Solve Who’s platform incorporates the sharing of information throughout the entire experience. Everyone is involved in the Crime Scene Investigation, the Interrogation, and the Deliberation segments. The group must work together and point out their findings. They have to reenact the crime as they imagine it happening.
This all translates into social engagement, especially with strangers.
In such a disconnected digital world, a little interaction with real people in real time reconnects us with reality. The fact is, we are social creatures looking to get a fix from the reward centers of our brain. Dopamine, oxytocin, serotonin… these chemicals can be produced when doing an activity like Solve Who. When we find a hidden clue or realize a major piece of evidence and share it with our group, we get a spike in those very beneficial chemicals. They make us confident, happy, and productive.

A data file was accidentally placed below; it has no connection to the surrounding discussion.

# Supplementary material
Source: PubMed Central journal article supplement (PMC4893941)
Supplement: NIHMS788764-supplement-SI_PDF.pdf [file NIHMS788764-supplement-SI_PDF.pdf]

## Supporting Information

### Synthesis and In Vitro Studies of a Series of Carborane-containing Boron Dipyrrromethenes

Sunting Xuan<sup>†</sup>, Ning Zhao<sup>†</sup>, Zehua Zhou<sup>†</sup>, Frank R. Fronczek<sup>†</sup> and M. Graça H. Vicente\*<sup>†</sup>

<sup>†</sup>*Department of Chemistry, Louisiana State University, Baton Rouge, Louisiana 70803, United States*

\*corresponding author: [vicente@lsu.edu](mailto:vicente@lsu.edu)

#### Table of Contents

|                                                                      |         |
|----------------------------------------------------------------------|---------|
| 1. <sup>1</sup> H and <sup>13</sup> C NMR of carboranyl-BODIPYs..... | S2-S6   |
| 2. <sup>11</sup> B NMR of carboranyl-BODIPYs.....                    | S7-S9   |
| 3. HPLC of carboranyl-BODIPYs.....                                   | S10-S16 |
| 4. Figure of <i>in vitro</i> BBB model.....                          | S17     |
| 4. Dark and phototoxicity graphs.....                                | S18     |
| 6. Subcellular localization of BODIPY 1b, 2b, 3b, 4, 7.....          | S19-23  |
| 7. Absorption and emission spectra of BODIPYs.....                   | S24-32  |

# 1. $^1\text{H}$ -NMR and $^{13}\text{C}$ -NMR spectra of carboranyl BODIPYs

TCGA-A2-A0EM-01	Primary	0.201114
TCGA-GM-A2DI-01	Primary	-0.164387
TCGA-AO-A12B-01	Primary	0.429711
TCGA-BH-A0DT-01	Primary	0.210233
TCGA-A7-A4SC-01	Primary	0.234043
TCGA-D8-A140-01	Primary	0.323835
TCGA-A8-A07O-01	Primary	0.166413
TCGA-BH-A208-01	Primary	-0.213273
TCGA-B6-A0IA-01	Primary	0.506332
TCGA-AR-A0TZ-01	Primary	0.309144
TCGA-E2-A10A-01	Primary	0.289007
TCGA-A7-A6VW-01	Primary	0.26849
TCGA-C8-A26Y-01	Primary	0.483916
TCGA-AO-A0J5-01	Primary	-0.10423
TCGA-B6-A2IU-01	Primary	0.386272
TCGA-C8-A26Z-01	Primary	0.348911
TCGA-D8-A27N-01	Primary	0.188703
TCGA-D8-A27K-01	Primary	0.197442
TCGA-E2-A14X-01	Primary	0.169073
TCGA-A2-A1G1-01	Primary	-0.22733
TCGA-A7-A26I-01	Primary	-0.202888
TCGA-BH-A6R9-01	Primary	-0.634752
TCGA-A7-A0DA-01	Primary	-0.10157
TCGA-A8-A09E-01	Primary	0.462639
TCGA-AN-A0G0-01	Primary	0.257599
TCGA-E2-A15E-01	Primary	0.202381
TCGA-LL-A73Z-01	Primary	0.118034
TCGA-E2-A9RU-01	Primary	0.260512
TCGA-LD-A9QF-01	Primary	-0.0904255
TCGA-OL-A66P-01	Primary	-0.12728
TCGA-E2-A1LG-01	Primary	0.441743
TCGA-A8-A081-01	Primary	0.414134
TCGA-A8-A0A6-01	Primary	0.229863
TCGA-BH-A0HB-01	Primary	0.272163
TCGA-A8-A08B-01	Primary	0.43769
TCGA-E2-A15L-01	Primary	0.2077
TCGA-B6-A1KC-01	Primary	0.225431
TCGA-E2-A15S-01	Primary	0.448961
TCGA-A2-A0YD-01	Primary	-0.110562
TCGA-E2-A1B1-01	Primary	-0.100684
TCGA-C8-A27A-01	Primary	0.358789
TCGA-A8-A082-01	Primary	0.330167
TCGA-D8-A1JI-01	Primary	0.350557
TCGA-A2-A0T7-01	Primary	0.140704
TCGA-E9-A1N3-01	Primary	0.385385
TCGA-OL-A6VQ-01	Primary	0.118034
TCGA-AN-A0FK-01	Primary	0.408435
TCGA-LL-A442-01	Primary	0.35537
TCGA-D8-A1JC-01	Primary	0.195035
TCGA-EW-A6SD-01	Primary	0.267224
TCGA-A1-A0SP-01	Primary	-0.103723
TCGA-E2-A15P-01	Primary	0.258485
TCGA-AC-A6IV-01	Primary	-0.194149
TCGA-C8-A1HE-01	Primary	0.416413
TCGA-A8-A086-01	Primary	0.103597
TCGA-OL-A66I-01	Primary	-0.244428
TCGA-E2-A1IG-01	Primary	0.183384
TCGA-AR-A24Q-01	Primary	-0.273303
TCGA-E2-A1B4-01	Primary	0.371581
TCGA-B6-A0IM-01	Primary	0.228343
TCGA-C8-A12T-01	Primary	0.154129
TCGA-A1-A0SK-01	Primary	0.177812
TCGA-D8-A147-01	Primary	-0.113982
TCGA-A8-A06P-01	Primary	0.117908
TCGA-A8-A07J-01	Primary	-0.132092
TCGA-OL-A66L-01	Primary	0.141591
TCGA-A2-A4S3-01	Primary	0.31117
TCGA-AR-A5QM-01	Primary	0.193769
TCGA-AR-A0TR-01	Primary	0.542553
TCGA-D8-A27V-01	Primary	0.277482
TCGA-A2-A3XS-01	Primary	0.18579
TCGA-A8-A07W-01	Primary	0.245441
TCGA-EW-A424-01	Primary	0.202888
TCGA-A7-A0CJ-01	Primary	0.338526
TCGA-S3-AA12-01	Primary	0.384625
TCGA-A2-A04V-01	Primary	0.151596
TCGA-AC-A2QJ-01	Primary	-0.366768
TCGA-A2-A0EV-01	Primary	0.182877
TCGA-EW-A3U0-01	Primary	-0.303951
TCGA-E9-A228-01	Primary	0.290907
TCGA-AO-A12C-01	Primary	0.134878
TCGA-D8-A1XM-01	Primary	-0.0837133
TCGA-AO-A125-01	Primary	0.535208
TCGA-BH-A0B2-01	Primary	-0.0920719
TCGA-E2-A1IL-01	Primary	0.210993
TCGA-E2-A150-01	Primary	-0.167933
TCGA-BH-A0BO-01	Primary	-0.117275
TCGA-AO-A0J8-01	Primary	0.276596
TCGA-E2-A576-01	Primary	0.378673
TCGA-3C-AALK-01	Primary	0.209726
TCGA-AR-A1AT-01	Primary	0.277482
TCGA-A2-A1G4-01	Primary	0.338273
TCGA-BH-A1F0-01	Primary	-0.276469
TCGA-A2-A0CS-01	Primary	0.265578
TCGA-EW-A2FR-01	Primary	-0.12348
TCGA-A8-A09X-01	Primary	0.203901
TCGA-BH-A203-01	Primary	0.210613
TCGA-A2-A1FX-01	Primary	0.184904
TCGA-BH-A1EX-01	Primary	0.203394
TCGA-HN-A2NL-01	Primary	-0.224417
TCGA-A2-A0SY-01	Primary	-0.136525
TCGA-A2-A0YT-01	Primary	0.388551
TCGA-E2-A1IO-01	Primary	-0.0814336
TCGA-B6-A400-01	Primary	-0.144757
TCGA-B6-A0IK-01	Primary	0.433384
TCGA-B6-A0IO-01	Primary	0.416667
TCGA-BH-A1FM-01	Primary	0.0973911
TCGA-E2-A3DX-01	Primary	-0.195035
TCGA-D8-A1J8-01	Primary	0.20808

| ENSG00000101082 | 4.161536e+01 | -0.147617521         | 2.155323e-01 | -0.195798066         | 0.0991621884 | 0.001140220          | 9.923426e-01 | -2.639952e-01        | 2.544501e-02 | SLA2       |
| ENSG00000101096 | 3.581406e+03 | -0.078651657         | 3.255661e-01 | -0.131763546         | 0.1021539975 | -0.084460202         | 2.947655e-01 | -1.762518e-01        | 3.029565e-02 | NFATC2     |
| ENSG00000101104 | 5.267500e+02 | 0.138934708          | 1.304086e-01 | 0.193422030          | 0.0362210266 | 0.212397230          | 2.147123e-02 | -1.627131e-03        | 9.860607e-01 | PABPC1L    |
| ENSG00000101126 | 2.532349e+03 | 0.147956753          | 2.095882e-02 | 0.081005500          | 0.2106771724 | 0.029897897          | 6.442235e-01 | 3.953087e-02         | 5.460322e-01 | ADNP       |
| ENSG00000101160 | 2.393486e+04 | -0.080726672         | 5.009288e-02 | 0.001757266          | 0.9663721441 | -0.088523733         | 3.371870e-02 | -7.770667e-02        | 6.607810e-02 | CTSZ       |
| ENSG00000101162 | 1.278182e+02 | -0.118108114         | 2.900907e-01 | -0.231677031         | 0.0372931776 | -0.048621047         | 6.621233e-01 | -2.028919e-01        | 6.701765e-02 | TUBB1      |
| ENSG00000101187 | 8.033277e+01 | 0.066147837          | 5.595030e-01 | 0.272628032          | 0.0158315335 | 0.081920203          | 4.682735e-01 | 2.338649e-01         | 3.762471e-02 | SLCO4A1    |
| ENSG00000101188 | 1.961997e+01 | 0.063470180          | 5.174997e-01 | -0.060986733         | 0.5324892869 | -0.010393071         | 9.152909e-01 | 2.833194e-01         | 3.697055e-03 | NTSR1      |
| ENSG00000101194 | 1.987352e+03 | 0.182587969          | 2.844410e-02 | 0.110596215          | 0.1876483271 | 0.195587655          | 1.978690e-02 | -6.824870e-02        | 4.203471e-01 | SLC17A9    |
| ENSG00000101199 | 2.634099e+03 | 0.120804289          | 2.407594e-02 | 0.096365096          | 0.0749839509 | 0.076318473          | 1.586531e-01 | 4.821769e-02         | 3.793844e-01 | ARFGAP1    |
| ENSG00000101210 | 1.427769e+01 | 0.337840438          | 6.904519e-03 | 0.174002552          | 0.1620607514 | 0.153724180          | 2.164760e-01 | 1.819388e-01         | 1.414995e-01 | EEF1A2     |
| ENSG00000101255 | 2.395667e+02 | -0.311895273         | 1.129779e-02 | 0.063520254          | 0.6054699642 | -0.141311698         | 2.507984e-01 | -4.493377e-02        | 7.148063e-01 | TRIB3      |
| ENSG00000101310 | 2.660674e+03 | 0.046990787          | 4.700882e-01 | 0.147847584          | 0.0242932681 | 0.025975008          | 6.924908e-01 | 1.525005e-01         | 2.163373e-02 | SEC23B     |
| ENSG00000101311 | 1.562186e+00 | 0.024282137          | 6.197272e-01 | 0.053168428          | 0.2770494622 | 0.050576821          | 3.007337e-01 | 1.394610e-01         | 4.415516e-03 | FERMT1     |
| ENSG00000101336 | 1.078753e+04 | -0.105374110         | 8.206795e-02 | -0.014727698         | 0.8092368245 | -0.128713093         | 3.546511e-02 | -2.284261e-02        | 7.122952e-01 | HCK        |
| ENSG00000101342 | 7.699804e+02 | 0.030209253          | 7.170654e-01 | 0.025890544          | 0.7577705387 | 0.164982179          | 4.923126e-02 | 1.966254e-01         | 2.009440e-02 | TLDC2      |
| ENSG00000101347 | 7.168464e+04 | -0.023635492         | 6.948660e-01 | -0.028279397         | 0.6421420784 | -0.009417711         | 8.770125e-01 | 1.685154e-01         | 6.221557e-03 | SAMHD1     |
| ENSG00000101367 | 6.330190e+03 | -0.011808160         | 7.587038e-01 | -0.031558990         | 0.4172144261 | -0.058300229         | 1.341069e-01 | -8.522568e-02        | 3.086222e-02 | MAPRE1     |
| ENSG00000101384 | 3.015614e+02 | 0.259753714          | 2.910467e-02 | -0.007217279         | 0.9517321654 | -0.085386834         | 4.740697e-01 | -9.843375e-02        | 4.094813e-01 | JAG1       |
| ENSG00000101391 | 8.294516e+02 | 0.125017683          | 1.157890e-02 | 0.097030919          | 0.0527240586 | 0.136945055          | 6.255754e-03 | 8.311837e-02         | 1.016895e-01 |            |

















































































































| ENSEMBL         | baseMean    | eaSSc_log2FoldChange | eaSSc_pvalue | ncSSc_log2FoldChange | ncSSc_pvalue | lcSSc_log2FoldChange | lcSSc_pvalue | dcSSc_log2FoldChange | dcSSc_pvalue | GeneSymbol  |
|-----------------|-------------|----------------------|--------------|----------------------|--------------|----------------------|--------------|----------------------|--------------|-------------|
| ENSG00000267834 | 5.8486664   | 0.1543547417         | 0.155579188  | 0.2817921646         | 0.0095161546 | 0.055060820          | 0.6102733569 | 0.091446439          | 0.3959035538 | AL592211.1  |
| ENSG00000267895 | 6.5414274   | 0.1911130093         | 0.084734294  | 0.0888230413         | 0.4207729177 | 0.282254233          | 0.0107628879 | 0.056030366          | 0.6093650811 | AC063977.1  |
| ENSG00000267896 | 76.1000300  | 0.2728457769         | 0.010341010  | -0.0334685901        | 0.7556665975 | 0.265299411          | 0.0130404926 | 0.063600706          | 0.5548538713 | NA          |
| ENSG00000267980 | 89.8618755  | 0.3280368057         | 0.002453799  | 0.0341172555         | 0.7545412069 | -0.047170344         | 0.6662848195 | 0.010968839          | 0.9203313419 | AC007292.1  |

Problem Solving and Critical/Analytical Thinking
The most important benefit in the Solve Who experience is the practice of using our logic and reasoning abilities. Clues are scattered all over each crime scene, and time is limited in the crime scene, so strategy is necessary. Groups must become teams, and decide how to effectively use their allotted time. Just as a normal crime scene may seem like it has a lot of relevant evidence, some of it may not relate to the crime at all. Your group MUST sift through as much suspicious material as possible and decide what is evidence and what is fluff.